The Cotton Exchange becomes a destination of choice for locals seeking unique shops, services and entertainment
By Jen Reed » Photos Madeline Gray
It’s a cloudy Saturday afternoon in the Lower Cape Fear as Alana Ricci, with daughter Stephanie in tow, makes her way through the shops of the Cotton Exchange. She ends up at Paddy’s Hollow, one of several full-service casual eateries located in the collection of historic buildings on Wilmington’s Front Street in the heart of the downtown area.
Ricci, who hails from Asheville, confesses she visits the Cotton Exchange every time she visits her in-laws in Wilmington. She says there is something exciting yet serene about browsing through the multitude of eclectic shops.
“I just love this place so much,” she says, between bites of her favorite fried green tomatoes. “I always find something interesting; this place [The Cotton Exchange] is never the same place twice. There is always something new to discover.”
Many tourists to the Wilmington area have passed through the Cotton Exchange, just like Alana and Stephanie do every few months when they come to town. The collection of shops and restaurants has long relied on tourism for its livelihood, and, according to General Manager Cheryl Bullock, that will never change. But what they are trying to change is how the Cotton Exchange is viewed by Wilmingtonians.
“While it’s true we rely on tourism, what we really want is to become a destination for those who live here,” says Bullock. “It’s important that they find us and that we are able to satisfy their needs, especially those living in and around the downtown area. We want to give them a reason not to have to get into their car and drive elsewhere.”
The Cotton Exchange is home to some 30 unique specialty shops and restaurants housed within an eight-building complex. The buildings are connected by brick walkways and open-air courtyards and have been painstakingly restored to reflect the charm and style of 19th-century Wilmington when the port was a bustling center for trade around the world.
Constructed years before the Civil War, the formerly known “Sprunt Building” was home to the Cape Fear Flour and Pearl Hominy Mill in 1884. In 1919, the building would be repurposed to make room for another industry giant, Alexander Sprunt & Sons. Sprunt & Sons had massive success in the cotton export industry, becoming the biggest cotton company in the world. Delivering cotton to ports in Europe, England, and America, it’s Sprunt’s thriving shipping endeavors that earned “The Cotton Exchange” its name.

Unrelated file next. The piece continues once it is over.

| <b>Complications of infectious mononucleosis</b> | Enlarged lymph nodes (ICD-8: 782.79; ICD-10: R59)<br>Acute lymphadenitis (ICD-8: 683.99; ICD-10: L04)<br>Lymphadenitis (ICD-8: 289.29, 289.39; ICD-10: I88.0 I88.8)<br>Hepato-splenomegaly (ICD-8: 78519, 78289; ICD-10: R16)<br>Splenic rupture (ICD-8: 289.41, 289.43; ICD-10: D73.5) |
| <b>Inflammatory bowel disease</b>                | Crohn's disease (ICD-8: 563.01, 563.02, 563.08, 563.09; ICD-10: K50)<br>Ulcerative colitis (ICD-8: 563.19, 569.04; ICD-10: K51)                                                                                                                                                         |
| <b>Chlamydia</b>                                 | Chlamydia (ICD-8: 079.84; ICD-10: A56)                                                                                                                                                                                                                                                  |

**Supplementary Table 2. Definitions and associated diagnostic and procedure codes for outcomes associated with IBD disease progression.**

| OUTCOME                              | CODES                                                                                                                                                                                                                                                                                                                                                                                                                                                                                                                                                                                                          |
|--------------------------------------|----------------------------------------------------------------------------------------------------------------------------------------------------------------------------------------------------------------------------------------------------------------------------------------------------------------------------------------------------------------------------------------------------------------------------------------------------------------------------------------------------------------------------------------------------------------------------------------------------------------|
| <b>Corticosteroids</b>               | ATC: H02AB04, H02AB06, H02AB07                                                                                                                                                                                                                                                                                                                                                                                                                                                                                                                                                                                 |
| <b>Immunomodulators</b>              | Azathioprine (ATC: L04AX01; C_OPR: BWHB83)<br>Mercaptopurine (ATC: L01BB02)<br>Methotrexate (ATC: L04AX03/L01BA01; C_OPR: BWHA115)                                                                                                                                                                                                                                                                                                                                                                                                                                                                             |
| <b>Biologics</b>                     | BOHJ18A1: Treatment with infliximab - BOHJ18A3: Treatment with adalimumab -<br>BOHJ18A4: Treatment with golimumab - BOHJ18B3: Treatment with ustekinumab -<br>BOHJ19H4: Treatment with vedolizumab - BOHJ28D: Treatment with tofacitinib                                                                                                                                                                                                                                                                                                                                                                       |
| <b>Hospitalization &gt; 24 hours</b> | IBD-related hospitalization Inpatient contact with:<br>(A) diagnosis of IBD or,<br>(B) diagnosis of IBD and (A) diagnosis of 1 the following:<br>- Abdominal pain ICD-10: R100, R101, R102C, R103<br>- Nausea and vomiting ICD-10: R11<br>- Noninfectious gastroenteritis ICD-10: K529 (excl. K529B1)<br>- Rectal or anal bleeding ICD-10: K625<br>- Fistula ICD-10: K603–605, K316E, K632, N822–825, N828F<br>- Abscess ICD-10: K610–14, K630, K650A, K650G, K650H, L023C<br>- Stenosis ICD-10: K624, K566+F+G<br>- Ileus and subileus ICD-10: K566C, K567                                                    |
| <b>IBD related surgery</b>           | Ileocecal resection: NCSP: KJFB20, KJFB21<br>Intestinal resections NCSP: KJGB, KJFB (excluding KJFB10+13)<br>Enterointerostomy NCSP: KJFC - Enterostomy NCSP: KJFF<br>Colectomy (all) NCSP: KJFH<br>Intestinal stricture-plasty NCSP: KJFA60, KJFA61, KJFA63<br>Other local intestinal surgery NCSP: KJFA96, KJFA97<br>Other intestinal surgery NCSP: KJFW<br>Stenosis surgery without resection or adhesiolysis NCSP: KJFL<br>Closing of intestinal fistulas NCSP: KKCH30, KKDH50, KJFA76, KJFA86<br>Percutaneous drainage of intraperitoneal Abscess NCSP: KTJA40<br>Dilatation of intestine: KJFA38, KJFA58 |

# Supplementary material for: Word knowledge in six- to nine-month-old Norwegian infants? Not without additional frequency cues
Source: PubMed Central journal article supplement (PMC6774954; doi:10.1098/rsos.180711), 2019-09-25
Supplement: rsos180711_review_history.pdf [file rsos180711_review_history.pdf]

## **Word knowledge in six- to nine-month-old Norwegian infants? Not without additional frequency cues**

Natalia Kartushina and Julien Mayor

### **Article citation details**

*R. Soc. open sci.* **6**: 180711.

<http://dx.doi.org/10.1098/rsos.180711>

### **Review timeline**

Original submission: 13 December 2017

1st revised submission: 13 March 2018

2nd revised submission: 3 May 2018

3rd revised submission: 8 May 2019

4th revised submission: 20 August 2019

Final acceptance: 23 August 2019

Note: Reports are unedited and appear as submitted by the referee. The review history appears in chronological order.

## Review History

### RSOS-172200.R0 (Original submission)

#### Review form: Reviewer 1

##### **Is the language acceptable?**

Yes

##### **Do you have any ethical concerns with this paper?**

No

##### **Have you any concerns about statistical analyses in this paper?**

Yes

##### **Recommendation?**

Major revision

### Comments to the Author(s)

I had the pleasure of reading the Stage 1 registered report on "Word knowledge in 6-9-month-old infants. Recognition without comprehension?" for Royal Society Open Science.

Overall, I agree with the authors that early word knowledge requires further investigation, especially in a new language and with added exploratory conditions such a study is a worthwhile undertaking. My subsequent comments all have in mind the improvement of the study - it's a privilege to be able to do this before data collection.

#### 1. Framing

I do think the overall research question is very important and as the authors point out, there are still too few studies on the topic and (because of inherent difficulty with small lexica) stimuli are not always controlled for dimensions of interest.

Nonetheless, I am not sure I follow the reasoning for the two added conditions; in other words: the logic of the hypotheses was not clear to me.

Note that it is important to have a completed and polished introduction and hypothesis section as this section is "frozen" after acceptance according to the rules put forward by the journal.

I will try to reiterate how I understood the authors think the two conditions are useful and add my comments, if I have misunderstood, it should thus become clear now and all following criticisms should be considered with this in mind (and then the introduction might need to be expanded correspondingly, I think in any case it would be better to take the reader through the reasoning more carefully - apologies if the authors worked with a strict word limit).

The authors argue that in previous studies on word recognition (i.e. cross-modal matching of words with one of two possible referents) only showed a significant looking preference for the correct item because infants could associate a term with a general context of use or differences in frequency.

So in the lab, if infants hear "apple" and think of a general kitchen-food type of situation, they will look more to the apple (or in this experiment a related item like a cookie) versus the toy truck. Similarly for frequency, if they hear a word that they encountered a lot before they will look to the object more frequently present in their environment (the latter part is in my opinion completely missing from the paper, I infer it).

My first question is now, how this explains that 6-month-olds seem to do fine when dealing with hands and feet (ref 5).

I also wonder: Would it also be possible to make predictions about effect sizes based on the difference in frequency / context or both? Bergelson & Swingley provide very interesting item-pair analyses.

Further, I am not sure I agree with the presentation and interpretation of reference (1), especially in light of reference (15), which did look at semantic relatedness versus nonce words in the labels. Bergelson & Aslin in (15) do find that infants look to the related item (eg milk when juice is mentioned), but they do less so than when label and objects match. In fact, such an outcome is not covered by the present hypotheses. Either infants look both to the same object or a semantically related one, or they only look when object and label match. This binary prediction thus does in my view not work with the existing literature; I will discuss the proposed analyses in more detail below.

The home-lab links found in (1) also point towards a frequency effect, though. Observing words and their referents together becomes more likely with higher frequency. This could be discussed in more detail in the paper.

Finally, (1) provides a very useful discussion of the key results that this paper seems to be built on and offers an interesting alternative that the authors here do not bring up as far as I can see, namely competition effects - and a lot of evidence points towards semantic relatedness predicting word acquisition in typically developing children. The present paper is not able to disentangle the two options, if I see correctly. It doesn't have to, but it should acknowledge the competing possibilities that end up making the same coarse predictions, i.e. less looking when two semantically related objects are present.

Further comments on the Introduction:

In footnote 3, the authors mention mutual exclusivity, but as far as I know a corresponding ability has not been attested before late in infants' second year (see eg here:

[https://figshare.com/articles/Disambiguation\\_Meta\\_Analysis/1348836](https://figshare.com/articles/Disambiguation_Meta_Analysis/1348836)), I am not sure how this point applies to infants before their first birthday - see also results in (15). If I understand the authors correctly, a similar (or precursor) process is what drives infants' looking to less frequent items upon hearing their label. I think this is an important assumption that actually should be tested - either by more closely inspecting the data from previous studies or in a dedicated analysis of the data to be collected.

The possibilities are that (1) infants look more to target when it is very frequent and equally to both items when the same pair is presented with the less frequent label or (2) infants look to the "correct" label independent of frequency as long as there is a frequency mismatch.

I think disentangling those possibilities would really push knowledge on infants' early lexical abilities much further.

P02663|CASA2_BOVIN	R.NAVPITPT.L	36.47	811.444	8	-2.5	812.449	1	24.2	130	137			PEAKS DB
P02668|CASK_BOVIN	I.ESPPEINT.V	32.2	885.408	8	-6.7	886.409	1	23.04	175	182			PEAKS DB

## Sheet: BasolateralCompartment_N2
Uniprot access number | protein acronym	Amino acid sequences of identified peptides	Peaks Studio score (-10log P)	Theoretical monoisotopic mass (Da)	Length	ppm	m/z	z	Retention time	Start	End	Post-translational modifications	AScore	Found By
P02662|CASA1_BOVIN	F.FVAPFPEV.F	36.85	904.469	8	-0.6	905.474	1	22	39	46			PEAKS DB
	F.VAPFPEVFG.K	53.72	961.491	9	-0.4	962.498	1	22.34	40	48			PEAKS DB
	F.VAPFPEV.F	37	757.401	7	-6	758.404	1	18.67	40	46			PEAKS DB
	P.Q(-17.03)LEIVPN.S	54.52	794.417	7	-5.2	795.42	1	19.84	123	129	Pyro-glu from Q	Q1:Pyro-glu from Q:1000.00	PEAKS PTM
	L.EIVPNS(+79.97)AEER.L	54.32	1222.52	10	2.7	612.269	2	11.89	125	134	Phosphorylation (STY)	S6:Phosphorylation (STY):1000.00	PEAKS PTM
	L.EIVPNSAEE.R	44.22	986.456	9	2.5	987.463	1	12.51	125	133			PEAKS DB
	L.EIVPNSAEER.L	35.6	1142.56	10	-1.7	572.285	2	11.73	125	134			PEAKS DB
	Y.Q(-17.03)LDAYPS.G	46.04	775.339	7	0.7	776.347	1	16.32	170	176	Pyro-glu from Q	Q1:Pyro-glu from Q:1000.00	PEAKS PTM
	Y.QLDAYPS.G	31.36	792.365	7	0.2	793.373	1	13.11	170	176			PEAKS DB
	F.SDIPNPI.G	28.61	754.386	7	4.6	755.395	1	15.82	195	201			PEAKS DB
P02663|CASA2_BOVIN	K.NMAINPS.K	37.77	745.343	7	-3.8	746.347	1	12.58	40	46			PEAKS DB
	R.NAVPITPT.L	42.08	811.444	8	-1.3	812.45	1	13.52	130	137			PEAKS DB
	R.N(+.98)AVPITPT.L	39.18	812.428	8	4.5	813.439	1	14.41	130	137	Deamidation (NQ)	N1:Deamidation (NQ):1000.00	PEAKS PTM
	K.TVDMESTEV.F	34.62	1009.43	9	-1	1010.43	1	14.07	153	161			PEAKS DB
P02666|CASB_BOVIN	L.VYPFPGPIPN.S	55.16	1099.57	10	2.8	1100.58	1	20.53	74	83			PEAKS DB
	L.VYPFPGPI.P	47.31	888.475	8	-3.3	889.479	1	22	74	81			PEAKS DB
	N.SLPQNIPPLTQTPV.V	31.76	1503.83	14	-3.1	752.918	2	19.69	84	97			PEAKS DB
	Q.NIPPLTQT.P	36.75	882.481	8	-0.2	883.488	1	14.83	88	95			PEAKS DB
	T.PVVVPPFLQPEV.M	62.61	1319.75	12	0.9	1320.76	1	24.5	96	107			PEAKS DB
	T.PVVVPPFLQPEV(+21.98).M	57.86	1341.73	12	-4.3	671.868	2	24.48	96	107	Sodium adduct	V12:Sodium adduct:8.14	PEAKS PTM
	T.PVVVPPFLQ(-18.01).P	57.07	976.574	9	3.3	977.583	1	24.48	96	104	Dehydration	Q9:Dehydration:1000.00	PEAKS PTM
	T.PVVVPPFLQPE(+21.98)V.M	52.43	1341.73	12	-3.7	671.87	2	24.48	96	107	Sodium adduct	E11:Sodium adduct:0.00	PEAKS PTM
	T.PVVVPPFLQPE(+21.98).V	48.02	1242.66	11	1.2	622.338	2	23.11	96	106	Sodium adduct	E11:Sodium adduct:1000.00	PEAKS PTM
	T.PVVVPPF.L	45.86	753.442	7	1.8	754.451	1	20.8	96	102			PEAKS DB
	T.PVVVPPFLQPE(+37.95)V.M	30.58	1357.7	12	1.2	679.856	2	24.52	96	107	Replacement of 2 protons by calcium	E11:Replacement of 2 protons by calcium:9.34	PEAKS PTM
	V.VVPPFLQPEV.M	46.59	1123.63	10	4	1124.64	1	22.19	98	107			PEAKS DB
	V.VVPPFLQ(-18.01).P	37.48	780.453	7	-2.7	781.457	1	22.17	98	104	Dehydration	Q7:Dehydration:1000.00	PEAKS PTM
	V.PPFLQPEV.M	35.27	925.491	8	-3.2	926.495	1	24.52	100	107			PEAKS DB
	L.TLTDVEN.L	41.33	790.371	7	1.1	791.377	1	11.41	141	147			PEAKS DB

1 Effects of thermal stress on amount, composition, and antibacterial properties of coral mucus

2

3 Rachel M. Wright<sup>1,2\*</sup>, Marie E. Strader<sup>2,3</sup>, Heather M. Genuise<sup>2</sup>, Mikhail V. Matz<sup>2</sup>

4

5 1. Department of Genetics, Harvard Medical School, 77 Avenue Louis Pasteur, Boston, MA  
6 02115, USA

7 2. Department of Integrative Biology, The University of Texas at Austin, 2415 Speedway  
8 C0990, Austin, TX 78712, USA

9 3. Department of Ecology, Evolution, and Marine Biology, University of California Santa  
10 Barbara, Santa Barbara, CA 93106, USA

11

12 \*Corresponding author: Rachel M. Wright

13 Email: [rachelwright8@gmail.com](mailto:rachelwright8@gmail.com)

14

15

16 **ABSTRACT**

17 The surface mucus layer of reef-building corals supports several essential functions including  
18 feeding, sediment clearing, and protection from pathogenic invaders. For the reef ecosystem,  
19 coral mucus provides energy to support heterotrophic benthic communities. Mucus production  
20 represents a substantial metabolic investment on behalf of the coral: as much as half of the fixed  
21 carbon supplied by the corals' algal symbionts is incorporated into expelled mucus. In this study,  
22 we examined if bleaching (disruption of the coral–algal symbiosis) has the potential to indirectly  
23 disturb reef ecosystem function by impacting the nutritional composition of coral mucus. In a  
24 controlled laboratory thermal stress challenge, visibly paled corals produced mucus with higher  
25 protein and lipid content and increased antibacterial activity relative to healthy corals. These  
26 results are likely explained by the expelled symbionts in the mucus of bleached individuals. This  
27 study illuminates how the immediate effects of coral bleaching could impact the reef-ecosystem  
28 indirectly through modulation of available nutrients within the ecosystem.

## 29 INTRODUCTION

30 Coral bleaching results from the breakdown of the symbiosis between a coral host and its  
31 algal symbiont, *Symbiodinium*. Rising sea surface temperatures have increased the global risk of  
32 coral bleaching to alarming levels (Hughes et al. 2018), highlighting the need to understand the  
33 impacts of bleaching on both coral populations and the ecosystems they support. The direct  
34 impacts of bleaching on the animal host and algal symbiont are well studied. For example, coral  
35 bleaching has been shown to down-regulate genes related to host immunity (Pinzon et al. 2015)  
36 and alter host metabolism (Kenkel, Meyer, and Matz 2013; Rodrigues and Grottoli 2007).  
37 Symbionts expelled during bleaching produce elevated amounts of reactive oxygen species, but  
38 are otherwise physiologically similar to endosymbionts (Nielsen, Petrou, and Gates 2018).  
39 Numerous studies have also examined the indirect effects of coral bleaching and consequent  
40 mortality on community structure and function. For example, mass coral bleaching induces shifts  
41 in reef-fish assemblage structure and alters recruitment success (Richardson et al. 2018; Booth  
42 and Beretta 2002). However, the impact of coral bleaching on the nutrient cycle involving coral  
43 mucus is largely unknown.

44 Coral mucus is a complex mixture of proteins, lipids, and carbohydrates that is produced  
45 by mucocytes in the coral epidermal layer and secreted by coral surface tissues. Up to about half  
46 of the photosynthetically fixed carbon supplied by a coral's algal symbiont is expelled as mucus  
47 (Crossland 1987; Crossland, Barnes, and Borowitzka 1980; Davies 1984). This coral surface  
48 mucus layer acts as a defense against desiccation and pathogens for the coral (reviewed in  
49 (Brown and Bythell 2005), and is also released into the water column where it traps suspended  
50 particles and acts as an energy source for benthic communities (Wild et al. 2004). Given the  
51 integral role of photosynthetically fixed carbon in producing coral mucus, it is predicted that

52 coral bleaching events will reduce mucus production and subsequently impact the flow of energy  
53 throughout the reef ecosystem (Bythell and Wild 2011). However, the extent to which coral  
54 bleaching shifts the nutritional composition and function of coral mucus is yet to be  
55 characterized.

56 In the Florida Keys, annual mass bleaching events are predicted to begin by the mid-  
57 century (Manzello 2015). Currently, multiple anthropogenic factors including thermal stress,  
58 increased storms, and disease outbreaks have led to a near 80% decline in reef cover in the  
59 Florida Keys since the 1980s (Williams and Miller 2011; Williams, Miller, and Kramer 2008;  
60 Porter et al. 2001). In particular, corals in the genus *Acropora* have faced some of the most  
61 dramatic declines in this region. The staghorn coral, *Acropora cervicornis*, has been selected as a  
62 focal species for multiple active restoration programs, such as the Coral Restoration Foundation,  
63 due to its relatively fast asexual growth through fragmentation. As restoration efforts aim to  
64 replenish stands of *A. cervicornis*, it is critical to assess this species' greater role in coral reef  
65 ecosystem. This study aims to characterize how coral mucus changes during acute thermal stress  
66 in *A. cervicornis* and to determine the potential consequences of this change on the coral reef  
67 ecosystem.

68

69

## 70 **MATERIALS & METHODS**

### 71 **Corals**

The Cotton Exchange building was purchased by Cheryl’s parents, John and Jean Bullock, in 1990, and the family has run the destination business ever since. Cheryl’s sister Nancy led the organization until her retirement five years ago, before Cheryl took the helm.
The future of the Cotton Exchange is very much a personal endeavor for the Bullock family. In the continued effort to attract more local business, Cheryl says the Cotton Exchange is evolving from strictly retail and restaurants to businesses that are more service-oriented, including a barbershop, health and beauty salon, and a tattoo studio, among others. And in addition to services provided, live music and educational programming are being added, not only to delight tourists but to give residents a reason to come out, enjoy a cocktail and the local performances, and perhaps learn about the history of the community they call home.
As a result of this goal, the biggest push is the shift in the organization’s advertising strategy. While they have traditionally focused on the tourism market, they are now working with their advertising agency to shift toward the local market.
The shift in marketing focus is also personal to each business owner under the Cotton Exchange roofs. As Cheryl puts it, these are not simply people going to work each day; they are individuals who have made running these businesses their life’s work, and they depend on the success of the new strategy.
Each business owner is a member of the Cotton Exchange Merchants Association, whose Board of Directors meets monthly to brainstorm and plan ways to bring more visitors to the location. There are several events in the early stages, and while Cheryl is not quite ready to share the details, she promises some “exciting things are ahead.”
Earlier this year, the Cotton Exchange held its first annual Pirate Festival, a weekend-long educational event held in March that included costumed enactors, weapons display, and an exploration of the history of the Cape Fear River and Region.